Hurricane Georges threatens lives and homes from Florida to Louisiana.
JIM LEHRER: Our hurricane update and to Max Mayfield, Deputy Director of the National Hurricane Center in Miami. Elizabeth Farnsworth spoke with him a few moments ago.
ELIZABETH FARNSWORTH: Mr. Mayfield, where is the hurricane right now?
MAX MAYFIELD, Deputy Director, National Hurricane Center: Well, right now it's centered about 75 miles West/Northwest of Key West, Florida, but you can see there's still a lot of rain bands that are still moving up over the Florida Keys. It's kind of been wobbling towards the West the last few hours. We think it will resume a motion toward the Northwest. And now we have put up a hurricane watch from St. Mark, Florida, up to Morgan City, Louisiana. People in that North Gulf Coast. need to very closely monitor this hurricane.
ELIZABETH FARNSWORTH: How large and strong is the storm right now?
MAX MAYFIELD: Well, the maximum sustained winds are near 105 miles per hour, which makes it a solid category two hurricane. We're forecasting that it could become a category three before it makes landfall of the North Gulf Coast. So people need to pay very close attention to this.
ELIZABETH FARNSWORTH: How much damage is it doing right now?
MAX MAYFIELD: Well, I really - the good news is I haven't heard of any loss of life. But it's done a tremendous amount of damage in Florida Keys. A lot of U.S. land is underwater still. There's some damage to the houseboats. Damage reports are really just beginning to trickle in, but so far at least I haven't heard of any loss of life.
ELIZABETH FARNSWORTH: What's causing the most damage at this point? Is it the storm surges, the water, the wind, the rain?
MAX MAYFIELD: They've had all three. They've had a very significant storm surge that essentially cut the roads in some places. They've had sustained hurricane force winds for several hours in some areas down there in the heavy rain bands and the torrential rains as well. But now the focus is sort of shifting up into that North Gulf of Mexico.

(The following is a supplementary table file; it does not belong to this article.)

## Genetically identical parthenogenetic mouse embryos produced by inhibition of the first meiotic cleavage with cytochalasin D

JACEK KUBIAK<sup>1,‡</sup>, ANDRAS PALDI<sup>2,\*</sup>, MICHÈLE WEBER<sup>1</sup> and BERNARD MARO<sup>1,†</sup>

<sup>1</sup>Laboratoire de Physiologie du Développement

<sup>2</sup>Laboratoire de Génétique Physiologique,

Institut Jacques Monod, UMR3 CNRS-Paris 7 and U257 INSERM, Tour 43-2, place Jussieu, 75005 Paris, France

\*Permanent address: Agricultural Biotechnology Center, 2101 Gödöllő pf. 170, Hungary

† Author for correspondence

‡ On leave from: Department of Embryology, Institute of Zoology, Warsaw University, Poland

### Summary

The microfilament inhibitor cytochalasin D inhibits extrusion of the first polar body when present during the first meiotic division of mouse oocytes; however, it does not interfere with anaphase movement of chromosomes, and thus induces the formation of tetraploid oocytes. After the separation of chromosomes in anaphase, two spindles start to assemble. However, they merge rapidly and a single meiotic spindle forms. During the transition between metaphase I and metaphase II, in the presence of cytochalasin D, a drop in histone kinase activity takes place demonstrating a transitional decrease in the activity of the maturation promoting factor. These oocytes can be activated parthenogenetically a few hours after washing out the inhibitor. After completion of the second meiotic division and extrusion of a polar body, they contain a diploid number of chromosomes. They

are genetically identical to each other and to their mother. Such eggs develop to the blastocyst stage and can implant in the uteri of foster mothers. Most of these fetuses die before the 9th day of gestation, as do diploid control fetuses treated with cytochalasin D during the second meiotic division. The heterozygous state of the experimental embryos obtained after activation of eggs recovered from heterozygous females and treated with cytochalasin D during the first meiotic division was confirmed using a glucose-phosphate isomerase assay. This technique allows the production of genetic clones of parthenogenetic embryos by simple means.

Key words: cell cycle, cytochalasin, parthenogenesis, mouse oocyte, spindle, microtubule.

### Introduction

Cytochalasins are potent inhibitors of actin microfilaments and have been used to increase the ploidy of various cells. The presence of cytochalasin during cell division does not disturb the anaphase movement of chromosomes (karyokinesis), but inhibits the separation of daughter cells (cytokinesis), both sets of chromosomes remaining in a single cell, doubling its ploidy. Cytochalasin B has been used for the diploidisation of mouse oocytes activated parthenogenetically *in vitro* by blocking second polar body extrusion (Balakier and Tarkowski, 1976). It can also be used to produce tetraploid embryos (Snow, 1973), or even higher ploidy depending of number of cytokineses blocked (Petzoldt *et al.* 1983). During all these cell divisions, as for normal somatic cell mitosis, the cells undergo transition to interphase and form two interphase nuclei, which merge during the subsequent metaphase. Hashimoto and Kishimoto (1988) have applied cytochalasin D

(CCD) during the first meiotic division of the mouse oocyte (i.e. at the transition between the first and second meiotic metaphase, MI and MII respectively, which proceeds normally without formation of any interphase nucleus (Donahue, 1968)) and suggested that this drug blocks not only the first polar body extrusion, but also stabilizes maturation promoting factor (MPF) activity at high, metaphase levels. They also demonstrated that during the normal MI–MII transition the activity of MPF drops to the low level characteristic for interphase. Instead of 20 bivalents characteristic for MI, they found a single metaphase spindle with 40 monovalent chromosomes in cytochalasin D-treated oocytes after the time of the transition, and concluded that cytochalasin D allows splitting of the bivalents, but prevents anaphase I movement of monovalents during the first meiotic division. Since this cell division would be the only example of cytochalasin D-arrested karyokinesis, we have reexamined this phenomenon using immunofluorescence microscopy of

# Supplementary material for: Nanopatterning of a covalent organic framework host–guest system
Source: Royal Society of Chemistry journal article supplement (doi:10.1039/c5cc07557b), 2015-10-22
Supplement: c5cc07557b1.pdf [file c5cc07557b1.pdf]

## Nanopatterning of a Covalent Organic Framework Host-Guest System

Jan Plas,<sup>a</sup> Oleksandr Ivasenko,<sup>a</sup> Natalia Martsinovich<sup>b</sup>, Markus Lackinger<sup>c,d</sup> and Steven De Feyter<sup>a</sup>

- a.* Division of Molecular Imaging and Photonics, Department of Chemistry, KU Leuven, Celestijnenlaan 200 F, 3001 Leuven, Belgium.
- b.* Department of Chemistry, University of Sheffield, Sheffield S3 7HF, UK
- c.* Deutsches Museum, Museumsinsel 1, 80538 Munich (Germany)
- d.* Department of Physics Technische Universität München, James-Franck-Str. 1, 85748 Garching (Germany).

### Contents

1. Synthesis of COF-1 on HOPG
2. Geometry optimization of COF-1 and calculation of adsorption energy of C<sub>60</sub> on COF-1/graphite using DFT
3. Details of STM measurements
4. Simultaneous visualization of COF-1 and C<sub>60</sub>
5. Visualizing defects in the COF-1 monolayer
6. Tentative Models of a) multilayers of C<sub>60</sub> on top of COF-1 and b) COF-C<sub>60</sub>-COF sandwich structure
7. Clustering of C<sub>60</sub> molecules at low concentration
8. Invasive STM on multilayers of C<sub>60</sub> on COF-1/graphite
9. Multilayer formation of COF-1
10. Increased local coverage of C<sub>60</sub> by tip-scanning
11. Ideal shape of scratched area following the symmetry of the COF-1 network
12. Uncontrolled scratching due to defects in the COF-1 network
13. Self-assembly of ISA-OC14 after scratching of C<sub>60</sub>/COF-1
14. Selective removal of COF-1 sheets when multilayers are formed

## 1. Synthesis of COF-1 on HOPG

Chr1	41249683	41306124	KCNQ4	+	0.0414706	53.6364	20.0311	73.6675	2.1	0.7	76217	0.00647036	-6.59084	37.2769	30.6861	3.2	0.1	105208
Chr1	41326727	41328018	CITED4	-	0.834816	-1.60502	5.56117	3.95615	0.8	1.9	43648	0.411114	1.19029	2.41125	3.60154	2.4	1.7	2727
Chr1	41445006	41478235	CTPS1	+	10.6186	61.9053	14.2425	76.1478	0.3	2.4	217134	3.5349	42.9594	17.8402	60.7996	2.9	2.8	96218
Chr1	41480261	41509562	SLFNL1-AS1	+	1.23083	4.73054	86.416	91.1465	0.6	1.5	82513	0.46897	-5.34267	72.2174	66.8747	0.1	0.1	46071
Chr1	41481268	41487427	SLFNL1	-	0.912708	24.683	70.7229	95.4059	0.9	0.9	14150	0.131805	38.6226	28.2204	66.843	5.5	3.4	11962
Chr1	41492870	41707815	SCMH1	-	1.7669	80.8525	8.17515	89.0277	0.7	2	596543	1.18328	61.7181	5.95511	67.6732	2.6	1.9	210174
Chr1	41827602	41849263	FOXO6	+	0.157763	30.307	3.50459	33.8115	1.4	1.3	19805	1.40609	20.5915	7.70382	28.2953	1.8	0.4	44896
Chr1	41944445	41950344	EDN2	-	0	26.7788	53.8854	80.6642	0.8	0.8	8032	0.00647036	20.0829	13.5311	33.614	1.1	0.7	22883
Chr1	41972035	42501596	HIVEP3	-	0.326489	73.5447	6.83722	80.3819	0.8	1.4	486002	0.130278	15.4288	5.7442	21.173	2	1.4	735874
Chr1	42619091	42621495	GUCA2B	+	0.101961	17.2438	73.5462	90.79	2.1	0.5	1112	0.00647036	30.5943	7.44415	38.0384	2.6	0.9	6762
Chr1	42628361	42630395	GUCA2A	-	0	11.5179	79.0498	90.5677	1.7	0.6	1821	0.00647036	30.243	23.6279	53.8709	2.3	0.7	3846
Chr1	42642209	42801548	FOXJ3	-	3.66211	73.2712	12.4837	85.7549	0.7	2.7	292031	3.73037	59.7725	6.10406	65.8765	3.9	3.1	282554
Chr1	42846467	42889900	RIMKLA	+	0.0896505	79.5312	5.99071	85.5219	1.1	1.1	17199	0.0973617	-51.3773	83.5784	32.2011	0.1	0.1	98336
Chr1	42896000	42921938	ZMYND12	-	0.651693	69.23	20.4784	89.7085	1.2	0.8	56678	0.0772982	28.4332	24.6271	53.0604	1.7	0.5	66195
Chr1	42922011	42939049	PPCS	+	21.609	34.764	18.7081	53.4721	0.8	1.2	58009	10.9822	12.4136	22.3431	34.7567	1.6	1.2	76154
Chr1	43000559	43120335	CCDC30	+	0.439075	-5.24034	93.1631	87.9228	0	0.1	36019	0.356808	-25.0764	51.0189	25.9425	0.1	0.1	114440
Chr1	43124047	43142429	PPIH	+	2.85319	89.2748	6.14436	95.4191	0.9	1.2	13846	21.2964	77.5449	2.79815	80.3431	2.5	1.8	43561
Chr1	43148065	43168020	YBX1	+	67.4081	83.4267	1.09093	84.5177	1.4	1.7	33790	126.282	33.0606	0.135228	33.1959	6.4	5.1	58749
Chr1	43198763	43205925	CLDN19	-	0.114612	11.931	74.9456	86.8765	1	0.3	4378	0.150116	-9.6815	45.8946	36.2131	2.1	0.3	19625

ELIZABETH FARNSWORTH: Where have the winds been the strongest today?
MAX MAYFIELD: In the lower to middle Keys. We've had some reports of gusts to 113 miles per hour near Sombrero Key, which is close to Marathon and is really the lower to middle Keys that got the core of the hurricane with the strongest winds.
ELIZABETH FARNSWORTH: Mr. Mayfield, is this storm getting stronger now as it heads out over the Gulf?
MAX MAYFIELD: Well, it seems like it leveled off here during the afternoon, but it still has, you know, another day and a half or so before it gets close to the North Gulf Coast, so there's plenty of time for it to start strengthening again. And, again, we're forecasting a family category three, which is a major hurricane.
ELIZABETH FARNSWORTH: What makes it strengthen over the Gulf?
MAX MAYFIELD: Well, the environment is still very favorable. Right now the ocean temperatures are very warm. The only thing that's really kept this from becoming a very powerful hurricane for the last three or four days has been the involvement with the Greater Antile, Puerto Rico, Hispanola, and now Cuba.
ELIZABETH FARNSWORTH: When do you expect it to make landfall?
MAX MAYFIELD: It depends on the exact track, but right now it looks like the core of the hurricane will be near the coast sometime within two days' time, so we're talking I guess Sunday afternoon, but it's not just a point here. This is a large circulation of tropical storm force winds - should be getting there possibly even late tomorrow night.
ELIZABETH FARNSWORTH: And tell us about a category three hurricane. How much damage can that sort of hurricane do?
MAX MAYFIELD: A category three has winds above 110 miles per hour, so you would expect extensive damage with that. You will have some structural damage, roofing damage, possibly some windows and doors blown out if it does attain that strength. Of course, along that portion of the Gulf Coast, they have a very significant storm surge with the hurricanes as well, particularly most people who die in a hurricane are killed by that storm surge. So some plans, I'm sure, are already underway for evacuation.
ELIZABETH FARNSWORTH: So very briefly, where's the safest place to be?
MAX MAYFIELD: Well, you need to have a hurricane plan, and hopefully people already have one that live on the Gulf Coast. You need to know if you're in an evacuation zone or not. If you are, you need to know exactly where you're going to go and how you'll get there. If you're not in the evacuation zone, you still need to have that hurricane plan, have the storm cellars, the drinking water, the medicine, the flashlights and batteries - all these common sense things - you need to have that in place now.
ELIZABETH FARNSWORTH: Okay. Max Mayfield, thank you very much for being with us.
MAX MAYFIELD: My pleasure.